The influence of nanoconfinement on nanoelectrochemical procedures, measuring a high number of single entities, and developing more advanced ways of managing potentially huge data are all described in a new review paper in the Faraday Discussions journal from the Royal Society of Chemistry.
Study: Next generation nanoelectrochemistry: The fundamental advances needed for applications. Image Credit: HaHanna/Shutterstock.com
Due to various useful applications in energy and sensing, monitoring electrochemical processes with nanoscale precision is attracting more and more interest.
Because of the size of the electrical double layer, nearly all electrochemical reactions take place at the nanoscale. However, to really comprehend electrochemical properties at the nanoscale, new measuring instruments must be developed that can explore some of the fundamental processes at this level. It also necessitates nanoscale, if not atomic, management over the materials utilized in nanoelectrochemical systems.
Nanoelectrochemical Before Nanoconfinement Explored
Since the creation of new instrumentation sparked the advancement of unified entity electrochemistry to explore single entities, interest in new measuring tools was commonplace. Due to the tiny size of the signals produced by such technologies, two methods of obtaining electrochemical data were developed.
The initial strategy was to employ high-quality semiconductors and transfer electrons. The attraction of the first technique comes from the fact that the only mechanisms involved are electrochemical; however, electronics constrain the instrument's capacity in terms of response time and sensitivities.
The second technique included converting transferred electrons into photons, where advancements in microscopy have enabled the detection of a single photon and electron.
New Instrumentations as a Breakthrough in Nanoconfinement
Nanoparticles could now be chemically synthesized with specified crystal facets, numerous distinct materials exactly positioned in a nanoparticle to simultaneously assist electrochemical processes, a completely ordered arrangement of atoms in a metal, or even single catalytic elements on a substrate.
These novel materials have enabled the creation of electrode contacts at the nanoscale, as well as at the molecular scale, in nearly unprecedented ways.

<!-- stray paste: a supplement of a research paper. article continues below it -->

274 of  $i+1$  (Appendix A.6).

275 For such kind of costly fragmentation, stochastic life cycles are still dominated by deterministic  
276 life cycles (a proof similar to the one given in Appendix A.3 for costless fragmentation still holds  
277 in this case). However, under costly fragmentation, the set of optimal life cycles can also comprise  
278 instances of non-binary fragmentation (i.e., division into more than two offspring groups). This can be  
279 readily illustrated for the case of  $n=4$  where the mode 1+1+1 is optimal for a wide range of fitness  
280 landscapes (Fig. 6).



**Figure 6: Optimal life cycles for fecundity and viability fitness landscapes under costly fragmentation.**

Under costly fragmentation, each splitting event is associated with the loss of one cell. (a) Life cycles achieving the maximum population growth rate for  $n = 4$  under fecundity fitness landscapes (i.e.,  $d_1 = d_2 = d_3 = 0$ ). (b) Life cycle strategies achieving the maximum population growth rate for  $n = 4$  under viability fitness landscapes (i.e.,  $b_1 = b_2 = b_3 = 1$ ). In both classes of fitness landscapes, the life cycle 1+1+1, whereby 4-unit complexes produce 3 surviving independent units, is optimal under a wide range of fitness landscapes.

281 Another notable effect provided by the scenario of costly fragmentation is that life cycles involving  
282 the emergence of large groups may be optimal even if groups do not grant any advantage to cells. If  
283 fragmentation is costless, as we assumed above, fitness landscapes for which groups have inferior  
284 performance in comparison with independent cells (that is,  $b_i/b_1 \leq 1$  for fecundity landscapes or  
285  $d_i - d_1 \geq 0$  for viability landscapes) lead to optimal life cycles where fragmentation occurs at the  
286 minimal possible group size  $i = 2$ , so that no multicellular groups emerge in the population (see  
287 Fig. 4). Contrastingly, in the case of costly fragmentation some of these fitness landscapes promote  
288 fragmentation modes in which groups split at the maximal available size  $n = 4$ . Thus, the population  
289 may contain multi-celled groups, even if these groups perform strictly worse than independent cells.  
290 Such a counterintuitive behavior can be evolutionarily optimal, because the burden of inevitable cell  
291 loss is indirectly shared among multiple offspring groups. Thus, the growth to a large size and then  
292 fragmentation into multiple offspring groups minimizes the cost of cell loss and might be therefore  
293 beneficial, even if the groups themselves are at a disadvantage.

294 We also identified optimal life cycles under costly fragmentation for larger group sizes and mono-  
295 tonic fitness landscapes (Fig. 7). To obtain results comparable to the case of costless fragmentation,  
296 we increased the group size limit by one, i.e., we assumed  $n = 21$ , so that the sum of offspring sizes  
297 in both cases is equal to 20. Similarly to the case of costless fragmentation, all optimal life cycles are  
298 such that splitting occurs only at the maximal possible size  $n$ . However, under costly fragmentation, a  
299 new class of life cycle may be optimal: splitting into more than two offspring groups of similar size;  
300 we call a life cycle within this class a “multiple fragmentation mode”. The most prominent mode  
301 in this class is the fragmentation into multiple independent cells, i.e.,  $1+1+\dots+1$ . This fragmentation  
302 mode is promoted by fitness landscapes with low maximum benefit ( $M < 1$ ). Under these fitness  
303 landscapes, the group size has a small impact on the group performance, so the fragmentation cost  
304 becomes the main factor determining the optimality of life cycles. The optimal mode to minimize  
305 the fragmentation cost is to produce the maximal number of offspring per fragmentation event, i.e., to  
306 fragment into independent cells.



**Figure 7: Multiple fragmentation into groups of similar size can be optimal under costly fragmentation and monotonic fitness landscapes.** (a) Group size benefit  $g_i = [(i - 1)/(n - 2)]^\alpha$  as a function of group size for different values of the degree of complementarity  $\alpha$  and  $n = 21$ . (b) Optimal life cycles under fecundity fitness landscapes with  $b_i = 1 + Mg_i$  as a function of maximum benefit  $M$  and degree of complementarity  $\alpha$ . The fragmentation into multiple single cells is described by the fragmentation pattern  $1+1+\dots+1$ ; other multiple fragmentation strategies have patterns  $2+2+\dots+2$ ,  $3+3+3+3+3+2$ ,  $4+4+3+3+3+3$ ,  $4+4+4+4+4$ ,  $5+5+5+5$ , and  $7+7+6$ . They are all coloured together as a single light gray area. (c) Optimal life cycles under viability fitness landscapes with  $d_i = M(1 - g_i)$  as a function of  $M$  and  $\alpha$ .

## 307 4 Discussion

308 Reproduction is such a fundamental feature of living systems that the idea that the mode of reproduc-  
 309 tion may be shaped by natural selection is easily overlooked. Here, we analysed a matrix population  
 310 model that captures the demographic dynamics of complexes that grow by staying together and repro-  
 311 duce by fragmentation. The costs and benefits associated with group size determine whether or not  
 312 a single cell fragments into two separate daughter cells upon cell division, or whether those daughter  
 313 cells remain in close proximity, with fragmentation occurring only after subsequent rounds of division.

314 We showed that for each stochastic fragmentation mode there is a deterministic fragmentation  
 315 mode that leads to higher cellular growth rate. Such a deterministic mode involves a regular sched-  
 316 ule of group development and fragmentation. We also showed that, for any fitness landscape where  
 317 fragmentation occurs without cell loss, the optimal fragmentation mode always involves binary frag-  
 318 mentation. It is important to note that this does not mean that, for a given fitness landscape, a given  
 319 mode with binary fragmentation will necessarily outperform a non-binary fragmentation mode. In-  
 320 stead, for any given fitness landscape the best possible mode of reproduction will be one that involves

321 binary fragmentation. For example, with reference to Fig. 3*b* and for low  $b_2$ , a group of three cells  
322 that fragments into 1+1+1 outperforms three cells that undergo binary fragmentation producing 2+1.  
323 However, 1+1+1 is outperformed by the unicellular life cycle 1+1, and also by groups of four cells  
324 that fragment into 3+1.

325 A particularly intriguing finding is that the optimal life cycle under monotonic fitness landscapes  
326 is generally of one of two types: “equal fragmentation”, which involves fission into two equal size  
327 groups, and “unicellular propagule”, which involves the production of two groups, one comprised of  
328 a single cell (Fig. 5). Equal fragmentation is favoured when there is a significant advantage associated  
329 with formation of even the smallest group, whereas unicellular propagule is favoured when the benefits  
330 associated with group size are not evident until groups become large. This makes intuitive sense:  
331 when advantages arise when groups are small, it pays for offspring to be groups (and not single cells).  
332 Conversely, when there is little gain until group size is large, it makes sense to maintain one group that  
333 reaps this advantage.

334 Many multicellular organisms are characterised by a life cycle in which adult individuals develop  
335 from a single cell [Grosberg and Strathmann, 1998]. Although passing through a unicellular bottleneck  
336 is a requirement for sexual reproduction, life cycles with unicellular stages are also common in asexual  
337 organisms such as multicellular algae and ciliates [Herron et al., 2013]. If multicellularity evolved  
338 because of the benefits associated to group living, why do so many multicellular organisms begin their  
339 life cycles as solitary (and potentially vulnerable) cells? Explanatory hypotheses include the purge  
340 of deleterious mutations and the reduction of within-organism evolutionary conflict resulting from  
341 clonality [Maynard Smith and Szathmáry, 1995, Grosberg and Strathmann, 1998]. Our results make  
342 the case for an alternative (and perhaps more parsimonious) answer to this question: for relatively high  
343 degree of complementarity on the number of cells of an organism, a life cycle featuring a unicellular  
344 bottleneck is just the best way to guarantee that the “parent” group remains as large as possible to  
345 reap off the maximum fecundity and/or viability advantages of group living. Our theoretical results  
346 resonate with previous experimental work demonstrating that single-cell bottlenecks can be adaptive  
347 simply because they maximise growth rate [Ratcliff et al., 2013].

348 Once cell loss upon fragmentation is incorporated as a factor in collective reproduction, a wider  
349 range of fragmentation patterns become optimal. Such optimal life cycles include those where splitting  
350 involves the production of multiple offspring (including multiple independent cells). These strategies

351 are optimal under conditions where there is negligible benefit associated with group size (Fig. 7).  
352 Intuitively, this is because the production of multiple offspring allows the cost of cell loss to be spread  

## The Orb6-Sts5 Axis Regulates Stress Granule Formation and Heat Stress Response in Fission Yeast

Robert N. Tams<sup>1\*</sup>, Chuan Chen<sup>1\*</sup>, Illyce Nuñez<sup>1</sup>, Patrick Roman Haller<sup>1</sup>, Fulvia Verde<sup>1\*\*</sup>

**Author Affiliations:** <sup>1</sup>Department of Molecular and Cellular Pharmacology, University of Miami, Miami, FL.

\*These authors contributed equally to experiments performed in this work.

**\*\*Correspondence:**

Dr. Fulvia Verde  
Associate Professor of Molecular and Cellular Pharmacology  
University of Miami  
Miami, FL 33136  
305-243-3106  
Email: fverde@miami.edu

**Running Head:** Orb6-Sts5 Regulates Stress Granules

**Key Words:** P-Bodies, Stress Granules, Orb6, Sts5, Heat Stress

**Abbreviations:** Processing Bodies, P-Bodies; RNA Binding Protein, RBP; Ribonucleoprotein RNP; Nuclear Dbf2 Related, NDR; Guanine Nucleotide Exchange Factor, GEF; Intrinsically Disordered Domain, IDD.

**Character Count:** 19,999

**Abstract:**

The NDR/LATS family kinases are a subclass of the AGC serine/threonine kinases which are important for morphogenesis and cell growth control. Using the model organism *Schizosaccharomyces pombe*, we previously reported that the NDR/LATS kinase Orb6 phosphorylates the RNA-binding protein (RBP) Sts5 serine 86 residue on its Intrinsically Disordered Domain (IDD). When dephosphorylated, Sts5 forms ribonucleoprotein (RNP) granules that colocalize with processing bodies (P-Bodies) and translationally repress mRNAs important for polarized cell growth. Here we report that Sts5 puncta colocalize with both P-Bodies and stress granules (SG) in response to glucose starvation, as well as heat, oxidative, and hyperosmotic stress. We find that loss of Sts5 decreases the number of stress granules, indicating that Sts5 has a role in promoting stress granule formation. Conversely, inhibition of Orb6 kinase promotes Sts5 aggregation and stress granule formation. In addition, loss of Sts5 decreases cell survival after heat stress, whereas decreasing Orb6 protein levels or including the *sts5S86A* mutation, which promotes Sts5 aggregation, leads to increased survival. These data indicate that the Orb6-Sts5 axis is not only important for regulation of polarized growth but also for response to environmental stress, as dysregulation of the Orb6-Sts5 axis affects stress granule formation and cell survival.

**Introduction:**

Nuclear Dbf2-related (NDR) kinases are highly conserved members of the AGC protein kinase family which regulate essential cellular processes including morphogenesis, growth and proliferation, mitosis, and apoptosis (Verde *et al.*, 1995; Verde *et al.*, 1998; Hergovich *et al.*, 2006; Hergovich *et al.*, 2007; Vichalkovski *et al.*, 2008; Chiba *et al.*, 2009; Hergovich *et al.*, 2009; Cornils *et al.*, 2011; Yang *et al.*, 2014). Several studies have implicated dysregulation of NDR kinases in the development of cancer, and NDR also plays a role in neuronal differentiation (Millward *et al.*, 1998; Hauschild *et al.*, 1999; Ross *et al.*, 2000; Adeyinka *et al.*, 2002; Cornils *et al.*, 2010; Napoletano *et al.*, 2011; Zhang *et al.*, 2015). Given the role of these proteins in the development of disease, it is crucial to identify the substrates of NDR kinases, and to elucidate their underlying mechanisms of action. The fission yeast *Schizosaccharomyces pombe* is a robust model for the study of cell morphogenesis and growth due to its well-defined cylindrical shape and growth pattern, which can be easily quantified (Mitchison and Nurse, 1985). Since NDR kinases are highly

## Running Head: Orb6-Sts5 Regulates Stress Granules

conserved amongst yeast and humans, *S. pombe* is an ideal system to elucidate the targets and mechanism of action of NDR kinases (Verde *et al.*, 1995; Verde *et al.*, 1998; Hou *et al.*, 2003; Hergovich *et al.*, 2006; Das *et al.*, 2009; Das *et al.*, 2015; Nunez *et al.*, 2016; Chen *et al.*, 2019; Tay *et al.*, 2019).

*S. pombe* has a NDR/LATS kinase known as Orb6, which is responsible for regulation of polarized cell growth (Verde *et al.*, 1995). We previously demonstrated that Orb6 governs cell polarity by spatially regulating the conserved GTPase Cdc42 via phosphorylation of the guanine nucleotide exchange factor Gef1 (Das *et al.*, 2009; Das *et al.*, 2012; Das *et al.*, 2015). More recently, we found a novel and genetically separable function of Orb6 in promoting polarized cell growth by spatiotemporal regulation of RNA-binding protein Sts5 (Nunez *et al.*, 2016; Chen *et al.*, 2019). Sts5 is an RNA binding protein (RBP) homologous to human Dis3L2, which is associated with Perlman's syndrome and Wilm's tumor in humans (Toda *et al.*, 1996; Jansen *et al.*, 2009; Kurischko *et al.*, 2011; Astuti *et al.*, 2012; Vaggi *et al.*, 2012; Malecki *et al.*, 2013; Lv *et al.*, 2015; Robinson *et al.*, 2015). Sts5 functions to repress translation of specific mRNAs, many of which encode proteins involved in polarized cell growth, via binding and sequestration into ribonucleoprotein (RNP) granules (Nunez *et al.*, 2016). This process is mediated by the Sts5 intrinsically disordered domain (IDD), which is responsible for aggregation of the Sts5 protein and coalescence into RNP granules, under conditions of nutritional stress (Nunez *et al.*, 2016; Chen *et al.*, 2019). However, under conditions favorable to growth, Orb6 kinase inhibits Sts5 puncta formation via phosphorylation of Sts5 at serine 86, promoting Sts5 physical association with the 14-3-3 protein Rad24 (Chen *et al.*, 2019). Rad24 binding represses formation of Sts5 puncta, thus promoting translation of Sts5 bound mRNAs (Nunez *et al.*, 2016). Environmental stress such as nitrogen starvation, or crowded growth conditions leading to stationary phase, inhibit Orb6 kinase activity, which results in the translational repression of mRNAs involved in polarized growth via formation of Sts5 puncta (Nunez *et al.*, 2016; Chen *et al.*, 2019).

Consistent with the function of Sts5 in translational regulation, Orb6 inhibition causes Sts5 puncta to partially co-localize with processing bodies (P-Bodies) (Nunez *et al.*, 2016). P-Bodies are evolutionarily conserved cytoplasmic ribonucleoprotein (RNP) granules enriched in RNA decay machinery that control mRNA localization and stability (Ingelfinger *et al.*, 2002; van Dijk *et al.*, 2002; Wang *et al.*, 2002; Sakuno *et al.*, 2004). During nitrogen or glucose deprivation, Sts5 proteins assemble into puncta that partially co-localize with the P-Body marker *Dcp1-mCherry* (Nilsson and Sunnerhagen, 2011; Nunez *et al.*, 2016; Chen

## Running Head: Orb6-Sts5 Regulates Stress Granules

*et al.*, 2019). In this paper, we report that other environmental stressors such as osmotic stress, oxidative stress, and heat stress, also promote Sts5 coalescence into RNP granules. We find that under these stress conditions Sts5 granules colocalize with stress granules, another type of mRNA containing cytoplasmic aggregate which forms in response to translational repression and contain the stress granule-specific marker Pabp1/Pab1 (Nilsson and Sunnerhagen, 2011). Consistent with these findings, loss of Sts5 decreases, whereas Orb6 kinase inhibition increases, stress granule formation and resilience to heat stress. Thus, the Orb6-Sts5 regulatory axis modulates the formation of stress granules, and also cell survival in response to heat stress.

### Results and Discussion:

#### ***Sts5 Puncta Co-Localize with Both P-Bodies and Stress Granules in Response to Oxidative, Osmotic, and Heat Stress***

These revolutionary nanomaterials provided electrochemistry with a plethora of unusual electrode materials and topologies.
Meanwhile, nanoparticle development has evolved to optimize the chemical structure of a nanoparticle or alloying the atom to manage all aspects of the atom in metals or nanoparticle shape to improve activity.
Nanoconfinement was a big part of the electrocatalysis debate, notably with the nanoporous systems discussed and with nanopore detectors.
It is, however, significantly more widespread than those specific instances, being applicable to practically all nanoelectrochemical systems to some extent. This is because even systems as fundamental as a nanoparticle resting on a surface can have an element of nanoconfinement.
Its ionic size is crucial within the nanoconfined conduit to produce the electric double layer or even reach the nanoconfined region.
Limitation on The Research and Future Advancement
To further this field, modeling in the gas, liquid, and solid phases are required. This is because bubbles are common in liquids, not even to mention circumstances wherein gases are used as products and reactants in electrochemical energy conversion processes.
A good comprehension of the gas-liquid-solid functionality and its impact on charge transport and mass transfer behavior for gas-involving electrochemical processes should be prioritized, as it will discuss future electrode materials, outer layer physicochemical properties, and reaction mechanism.
Researchers have demonstrated that the electrochemical modification of fluorescence may be measured. It is believed that Optical microscopy of electrochemical processes and the application of electrochemistry to optics will rekindle enthusiasm in the electrochemistry field.
Because of the stochastic nature of molecules and nanomaterials, many must be studied before common behaviors emerge above normal variation. As a result, multiple measurements are required for the signals to rise above the noise, such as in scanning tunneling microscopy studies of molecule electronic properties and nanoparticle collisions.
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Wu, Y., et al. (2021) Next generation nanoelectrochemistry: The fundamental advances needed for applications. Royal Society of Chemistry Faraday Discuss. Available at: https://pubs.rsc.org/en/content/articlelanding/2021